Reading the scholarly literature on Dave Brubeck's funky time signatures
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TO THE NAKED EYE, IT MAY APPEAR THAT: Jazz pianist Dave Brubeck, who died Wednesday, will be remembered for recording one of the most beloved jazz melodies of its era: 1959's distinctive, serpentine "Take Five," which was written by Brubeck's collaborator Paul Desmond (well, maybe it was a joint effort) and performed by their band, The Dave Brubeck Quartet.
BUT ACCORDING TO SOME EXPERTS WHO THOUGHT REALLY HARD ABOUT THIS: There's another reason why the popularity of "Take Five" is remarkable: It's performed in a musical structure that people in the Western world often show cognitive resistance to.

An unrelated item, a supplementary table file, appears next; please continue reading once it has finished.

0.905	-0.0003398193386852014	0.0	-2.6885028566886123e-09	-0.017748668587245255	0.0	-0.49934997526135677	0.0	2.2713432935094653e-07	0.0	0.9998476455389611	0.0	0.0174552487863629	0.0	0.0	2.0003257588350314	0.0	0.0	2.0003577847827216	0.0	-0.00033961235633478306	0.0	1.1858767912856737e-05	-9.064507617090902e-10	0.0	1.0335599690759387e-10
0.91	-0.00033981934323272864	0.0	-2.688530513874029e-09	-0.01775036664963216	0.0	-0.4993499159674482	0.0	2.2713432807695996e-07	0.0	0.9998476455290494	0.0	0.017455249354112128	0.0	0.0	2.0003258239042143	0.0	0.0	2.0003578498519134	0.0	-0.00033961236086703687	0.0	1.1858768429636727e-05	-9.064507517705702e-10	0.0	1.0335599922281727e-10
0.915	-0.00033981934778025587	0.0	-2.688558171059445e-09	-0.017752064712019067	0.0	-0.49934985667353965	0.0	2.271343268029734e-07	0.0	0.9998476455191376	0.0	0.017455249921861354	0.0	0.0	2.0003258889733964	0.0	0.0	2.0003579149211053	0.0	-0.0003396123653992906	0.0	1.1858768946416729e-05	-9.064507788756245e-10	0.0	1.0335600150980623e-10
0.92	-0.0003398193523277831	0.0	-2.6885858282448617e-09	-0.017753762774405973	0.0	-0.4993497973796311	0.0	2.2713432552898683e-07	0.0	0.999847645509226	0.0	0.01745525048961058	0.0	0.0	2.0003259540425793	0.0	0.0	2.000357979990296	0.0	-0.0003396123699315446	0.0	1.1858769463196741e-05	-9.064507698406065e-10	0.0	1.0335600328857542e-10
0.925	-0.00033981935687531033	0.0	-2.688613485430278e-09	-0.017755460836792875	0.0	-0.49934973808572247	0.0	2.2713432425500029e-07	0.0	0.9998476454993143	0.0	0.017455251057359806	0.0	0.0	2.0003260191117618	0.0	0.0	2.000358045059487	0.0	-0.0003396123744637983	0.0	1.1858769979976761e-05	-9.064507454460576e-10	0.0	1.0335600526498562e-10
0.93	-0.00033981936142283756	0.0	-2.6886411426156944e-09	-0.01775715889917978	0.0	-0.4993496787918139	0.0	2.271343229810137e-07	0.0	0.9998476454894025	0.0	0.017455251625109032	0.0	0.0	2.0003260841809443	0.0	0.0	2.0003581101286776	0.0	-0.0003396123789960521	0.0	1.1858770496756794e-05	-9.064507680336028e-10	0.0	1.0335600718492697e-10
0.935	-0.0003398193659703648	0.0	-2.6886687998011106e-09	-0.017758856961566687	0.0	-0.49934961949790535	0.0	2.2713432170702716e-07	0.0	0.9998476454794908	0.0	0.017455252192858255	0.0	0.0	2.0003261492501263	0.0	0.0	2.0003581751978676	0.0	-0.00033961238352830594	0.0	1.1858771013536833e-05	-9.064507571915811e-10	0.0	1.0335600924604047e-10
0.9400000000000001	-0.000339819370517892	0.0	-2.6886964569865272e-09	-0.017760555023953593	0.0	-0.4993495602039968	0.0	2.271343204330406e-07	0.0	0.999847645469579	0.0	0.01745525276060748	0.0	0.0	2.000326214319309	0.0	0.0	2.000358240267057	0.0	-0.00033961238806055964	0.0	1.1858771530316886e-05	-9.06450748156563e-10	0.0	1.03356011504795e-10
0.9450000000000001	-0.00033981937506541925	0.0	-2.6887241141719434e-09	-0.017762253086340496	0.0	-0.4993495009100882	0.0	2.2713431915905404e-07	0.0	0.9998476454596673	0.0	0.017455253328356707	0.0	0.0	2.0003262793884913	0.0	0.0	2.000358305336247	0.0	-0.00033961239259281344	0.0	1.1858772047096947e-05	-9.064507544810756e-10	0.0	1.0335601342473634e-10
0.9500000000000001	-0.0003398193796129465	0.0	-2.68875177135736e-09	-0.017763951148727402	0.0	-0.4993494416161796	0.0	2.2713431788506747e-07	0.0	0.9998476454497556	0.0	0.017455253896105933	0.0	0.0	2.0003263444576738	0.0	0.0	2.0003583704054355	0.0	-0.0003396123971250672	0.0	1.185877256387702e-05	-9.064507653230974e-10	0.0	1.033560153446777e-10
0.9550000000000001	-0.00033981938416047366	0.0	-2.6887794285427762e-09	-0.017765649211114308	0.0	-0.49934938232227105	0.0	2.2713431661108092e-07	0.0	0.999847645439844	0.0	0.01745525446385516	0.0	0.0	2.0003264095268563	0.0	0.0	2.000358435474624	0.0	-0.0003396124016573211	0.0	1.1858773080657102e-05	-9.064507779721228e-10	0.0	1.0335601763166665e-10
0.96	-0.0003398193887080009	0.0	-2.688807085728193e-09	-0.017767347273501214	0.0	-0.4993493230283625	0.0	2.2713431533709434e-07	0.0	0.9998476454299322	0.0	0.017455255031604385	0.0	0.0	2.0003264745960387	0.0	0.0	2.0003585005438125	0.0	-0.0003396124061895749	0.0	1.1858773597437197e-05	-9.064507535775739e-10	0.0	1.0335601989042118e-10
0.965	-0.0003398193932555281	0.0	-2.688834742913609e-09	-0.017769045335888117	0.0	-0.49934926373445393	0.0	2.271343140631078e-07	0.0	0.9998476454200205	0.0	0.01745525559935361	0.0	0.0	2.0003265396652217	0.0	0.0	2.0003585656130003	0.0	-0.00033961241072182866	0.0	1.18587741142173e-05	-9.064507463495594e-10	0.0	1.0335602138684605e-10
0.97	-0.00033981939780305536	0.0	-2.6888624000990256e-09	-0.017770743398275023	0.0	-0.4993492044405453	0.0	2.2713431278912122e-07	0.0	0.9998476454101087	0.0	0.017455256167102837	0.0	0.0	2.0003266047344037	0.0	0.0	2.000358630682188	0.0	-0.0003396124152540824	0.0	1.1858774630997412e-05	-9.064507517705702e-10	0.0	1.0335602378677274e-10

Most Western music is dependent on a structure with two, three, or four beats in a measure—or some multiple of those—with even spaces between the emphasized beats. As Justin London, a music professor at Carleton College, puts it in "How to Talk About Musical Metre," "Western music theory, from the 19th century through Lerdahl and Jackendoff (1983) has presumed meter to be inherently isochronous." In other words, when you tap your foot to a common piece of Western music, be it one by Katy Perry or Tchaikovsky, your taps will have regular time intervals between them.